- » equal respect for collective rights, worldwide. This means if you’re going to assert inalienable rights for your own way of life here, you have to respect other societies rights elsewhere. That doesn’t mean “it’s ok when we do it, but if you do it we’re going to start dropping bombs on you”. It means, end the wars. To date, the west has spent in excess of 4 trillion US dollars on “The War on Terror” and killed hundreds of thousands of people. Whatever you think the war is about, I can guarantee that most of those dead people (that we killed) had nothing to do with it.
I think if there’s one sentiment that all of the global movements today are trying to further it’s one of basic structural reform but beyond that fairness. Level playing fields. Why should one group have to bear the brunt of an economic contraction while another one (one who arguably caused it) is exempted, bailed out or even rewarded? (Or for that matter, why should one group who plays by the rules, did not cause this problem, is not shielded by special exemptions, who creates employment and has their income taxed at roughly 50%, has their dividends double-taxed, be required to pay even more toward bailouts, resulting entitlements and wars?)
But the problem with the movements is that they are being led down the garden path: they are asking for stronger government regulations when the government is hopelessly corrupt and captured by special interests. They are blaming “the 1%” for everything and that’s really just a mindless label to demonize some hypothetical “other”.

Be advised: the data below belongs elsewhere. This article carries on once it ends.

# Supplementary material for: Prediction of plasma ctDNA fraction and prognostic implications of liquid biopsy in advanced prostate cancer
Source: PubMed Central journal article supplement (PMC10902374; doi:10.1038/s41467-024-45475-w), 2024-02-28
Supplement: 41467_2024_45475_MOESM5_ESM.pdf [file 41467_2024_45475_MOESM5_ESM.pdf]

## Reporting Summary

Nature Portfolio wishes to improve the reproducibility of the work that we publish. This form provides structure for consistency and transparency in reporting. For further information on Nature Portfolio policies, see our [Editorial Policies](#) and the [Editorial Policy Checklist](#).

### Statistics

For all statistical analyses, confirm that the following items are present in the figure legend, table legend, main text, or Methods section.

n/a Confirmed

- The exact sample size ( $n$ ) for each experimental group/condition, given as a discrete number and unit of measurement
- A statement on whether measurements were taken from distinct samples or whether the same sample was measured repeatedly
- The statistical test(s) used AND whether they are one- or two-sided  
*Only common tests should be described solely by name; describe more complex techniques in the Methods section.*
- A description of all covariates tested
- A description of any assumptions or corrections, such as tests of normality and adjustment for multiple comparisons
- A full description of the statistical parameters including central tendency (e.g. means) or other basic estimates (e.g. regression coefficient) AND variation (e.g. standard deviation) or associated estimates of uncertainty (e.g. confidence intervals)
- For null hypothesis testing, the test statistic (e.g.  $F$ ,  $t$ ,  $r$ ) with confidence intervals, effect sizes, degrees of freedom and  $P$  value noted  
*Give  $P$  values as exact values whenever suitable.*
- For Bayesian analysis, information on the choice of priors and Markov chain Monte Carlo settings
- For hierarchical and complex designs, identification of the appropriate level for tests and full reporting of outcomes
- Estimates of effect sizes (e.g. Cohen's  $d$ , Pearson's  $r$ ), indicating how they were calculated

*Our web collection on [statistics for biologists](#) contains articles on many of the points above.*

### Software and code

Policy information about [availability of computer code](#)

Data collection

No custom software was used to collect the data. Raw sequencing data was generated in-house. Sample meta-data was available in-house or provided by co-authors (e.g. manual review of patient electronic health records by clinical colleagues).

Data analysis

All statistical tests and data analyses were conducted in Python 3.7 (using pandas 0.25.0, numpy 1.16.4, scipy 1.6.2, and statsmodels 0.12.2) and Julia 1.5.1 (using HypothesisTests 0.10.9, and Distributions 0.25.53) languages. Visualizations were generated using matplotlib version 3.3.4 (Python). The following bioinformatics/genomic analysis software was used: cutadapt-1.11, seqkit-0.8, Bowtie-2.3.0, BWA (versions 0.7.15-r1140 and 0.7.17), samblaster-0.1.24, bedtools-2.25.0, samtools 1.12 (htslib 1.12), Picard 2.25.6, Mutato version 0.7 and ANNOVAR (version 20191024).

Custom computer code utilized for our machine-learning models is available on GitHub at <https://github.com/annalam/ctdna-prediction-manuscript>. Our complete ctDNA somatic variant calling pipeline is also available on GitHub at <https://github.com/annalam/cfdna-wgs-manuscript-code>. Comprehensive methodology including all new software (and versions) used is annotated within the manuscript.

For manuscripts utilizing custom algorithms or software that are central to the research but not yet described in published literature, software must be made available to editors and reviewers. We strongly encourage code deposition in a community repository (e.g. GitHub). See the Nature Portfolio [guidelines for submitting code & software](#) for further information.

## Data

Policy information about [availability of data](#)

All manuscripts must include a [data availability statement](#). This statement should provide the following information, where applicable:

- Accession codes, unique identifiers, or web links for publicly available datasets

Get off Wall Street and head to Washington. Demand they end the War. Demand they End The Fed. That will hit the bankers, the special interests and the oligarchy on wall street harder than anything they could possibly do from Zuccotti Park.
The Monetary Elite vs. Gold’s Honest Discipline by Vincent LoCascio. Not that I think it’s possible to go to a gold-backed monetary system, but he does a great job of deconstructing the current regime, exposing the hidden damages of government bailouts, deposit insurance and interest rate controls.
The Lost Science of Money by Steven Zarlenga Possibly the only comprehensive study of basic mechanics of debt-based vs. non-debt based monetary systems.
The Sovereign Individual – Stop Complaining, read this. Take control of your own life and it will no longer matter who makes the laws or how they rig the game.